Image: A cloudy martian night through the eyes of a supercomputer
As NASA's Curiosity rover makes its way over the surface of Mars, it's sometimes accompanied by clouds drifting by in the sky above. Like Earth, the Red Planet has a water cycle, with water molecules moving between the surface and the air, traveling through the atmosphere and coming together to form clouds. The behavior of water-ice clouds on Mars plays a big role in its climate, and this computer simulation shows them forming and dispersing over the course of a Martian day.
At the time of year shown here—summer in Mars' northern hemisphere—clouds form slowly overnight near the equator and are at their thickest just before the sun rises. They disperse quickly as the day warms up and begin to reform around dusk. Several peaks of Tharsis Montes, a chain of volcanoes, can be seen jutting through the clouds.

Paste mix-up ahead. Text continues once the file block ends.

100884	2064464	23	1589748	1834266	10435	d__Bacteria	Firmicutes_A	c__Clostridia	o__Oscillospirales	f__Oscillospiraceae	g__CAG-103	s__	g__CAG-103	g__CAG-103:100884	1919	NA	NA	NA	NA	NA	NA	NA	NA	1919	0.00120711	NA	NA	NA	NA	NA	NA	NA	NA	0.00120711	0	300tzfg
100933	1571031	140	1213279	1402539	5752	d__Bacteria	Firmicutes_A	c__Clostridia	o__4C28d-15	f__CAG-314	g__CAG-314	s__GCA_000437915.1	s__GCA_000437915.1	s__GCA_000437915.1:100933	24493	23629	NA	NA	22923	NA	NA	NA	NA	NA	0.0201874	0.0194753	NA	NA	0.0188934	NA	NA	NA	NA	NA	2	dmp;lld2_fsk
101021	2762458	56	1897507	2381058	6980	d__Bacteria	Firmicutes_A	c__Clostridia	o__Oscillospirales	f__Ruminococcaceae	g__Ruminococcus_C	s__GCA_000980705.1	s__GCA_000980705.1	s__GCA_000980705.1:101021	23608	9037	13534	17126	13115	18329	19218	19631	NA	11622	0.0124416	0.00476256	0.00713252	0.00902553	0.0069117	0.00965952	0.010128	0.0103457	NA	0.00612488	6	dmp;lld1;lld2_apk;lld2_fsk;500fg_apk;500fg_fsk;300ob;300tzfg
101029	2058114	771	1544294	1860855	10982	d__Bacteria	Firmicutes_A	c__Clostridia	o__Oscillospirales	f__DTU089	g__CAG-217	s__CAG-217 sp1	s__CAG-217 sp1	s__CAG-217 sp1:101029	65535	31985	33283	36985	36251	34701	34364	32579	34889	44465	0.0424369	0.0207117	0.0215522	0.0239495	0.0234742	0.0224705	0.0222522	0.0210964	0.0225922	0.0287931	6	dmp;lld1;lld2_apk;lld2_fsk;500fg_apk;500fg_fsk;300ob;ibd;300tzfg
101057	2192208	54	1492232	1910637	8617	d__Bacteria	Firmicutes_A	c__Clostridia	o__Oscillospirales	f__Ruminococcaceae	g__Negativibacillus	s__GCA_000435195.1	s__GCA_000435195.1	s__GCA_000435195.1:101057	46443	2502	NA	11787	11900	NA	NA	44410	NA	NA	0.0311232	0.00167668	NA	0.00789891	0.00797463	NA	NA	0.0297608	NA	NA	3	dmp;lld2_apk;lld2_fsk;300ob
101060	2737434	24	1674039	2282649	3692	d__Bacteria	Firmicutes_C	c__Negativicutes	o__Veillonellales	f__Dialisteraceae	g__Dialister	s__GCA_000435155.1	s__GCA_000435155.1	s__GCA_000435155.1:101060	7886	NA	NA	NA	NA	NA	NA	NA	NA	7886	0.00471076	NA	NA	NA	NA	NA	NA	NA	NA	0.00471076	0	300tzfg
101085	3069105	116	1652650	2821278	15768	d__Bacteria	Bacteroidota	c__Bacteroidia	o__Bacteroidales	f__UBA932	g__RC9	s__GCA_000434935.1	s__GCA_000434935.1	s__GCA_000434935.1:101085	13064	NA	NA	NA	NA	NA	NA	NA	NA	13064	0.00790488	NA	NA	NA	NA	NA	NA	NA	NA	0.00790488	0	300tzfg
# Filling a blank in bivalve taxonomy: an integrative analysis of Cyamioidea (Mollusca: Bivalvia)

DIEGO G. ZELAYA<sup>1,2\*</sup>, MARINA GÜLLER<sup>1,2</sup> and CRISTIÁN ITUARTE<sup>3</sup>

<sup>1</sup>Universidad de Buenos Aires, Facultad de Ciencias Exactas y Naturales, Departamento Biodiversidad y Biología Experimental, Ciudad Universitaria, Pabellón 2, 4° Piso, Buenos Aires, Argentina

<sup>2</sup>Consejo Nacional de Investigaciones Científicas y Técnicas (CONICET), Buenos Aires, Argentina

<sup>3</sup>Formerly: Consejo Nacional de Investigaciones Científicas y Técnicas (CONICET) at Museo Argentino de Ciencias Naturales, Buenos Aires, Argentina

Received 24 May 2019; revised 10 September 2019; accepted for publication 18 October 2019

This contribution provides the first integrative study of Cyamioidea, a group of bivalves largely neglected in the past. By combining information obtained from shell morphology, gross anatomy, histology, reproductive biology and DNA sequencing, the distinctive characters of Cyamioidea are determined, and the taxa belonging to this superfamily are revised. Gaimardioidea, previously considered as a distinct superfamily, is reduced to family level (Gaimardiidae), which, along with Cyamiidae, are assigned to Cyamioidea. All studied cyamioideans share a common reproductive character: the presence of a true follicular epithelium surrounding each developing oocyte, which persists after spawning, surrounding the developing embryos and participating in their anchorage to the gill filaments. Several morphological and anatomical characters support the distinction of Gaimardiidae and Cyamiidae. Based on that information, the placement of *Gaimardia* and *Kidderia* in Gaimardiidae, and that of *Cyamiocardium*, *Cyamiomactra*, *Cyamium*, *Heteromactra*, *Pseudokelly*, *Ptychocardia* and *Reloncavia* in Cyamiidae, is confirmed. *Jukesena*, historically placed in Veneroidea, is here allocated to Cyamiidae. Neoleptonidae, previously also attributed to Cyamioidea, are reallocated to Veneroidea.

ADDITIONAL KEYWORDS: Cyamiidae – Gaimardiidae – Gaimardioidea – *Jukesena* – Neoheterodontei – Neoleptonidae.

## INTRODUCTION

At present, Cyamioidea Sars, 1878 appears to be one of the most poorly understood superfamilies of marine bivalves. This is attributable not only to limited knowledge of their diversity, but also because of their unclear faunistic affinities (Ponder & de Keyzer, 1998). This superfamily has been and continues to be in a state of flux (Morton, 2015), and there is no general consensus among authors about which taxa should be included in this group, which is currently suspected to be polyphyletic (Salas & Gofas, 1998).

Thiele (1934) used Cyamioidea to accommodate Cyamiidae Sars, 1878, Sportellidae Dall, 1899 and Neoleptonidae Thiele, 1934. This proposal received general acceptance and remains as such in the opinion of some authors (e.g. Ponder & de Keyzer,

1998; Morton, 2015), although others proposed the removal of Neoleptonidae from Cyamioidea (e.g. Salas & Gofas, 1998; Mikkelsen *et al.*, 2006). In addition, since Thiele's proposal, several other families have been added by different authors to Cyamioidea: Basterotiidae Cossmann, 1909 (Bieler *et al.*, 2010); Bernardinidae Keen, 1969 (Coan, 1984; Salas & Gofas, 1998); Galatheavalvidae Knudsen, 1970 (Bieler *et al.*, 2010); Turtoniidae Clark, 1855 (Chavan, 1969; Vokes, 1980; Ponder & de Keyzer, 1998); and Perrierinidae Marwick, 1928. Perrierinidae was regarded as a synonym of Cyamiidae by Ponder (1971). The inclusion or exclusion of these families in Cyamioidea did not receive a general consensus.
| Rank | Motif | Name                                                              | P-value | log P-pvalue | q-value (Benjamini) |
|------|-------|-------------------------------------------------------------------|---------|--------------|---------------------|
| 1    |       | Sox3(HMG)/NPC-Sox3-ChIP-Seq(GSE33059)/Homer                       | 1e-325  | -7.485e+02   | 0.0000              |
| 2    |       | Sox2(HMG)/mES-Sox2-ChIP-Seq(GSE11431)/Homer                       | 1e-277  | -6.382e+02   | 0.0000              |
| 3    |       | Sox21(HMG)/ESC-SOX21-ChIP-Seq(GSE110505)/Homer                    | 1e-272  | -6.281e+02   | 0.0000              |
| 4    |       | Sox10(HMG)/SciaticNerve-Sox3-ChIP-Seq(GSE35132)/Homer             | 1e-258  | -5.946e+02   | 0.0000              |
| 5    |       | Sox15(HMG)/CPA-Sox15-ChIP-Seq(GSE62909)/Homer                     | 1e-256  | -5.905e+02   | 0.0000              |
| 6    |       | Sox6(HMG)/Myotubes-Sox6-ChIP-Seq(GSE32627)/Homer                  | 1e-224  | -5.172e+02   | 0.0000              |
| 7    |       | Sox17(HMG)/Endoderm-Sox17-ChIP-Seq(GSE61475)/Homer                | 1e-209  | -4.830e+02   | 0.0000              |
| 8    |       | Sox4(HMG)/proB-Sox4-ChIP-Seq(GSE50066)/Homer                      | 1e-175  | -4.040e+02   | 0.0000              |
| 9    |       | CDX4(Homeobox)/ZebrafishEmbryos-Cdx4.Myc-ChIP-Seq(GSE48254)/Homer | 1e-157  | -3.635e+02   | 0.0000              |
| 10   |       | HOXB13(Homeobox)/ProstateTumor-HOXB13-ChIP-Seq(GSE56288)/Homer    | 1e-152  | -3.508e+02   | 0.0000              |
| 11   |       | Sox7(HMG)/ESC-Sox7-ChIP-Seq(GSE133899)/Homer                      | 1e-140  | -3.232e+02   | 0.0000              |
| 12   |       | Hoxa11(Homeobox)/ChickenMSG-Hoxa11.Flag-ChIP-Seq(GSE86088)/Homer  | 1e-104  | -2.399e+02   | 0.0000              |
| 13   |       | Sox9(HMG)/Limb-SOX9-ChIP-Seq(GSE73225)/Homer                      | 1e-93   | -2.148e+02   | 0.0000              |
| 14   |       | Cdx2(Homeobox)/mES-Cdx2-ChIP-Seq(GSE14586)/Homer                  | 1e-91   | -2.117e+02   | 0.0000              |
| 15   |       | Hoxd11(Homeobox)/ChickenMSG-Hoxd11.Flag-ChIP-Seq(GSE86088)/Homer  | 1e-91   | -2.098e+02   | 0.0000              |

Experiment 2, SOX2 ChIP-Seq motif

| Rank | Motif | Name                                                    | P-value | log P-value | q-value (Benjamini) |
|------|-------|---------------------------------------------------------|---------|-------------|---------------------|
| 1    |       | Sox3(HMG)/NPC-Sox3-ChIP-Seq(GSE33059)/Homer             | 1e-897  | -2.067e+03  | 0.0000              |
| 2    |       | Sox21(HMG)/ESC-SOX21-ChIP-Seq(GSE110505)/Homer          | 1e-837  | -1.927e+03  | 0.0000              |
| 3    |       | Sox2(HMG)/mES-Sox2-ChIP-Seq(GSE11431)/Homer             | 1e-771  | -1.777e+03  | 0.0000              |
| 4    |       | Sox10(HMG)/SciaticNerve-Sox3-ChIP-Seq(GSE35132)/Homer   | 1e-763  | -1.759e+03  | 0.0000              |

Researchers at the Mars Climate Modeling Center, at NASA's Ames Research Center in California's Silicon Valley, rely on supercomputers to create data visualizations like this one. Their work shown here reveals that, although Martian clouds are thin compared to Earth's, they have a significant effect on the intensity of its wind systems. And that means they help control the movement of water around the planet.
The NASA Advanced Supercomputing facility, also at Ames, provides Mars researchers with the necessary computing power to study how the planet's atmosphere works—in fine detail, around the globe and across timescales ranging from days to the entire history of the planet. This work assists NASA in planning missions to Mars and helps us understand our solar system better by answering questions about how planets evolve and whether conditions on Mars could once have been favorable for life.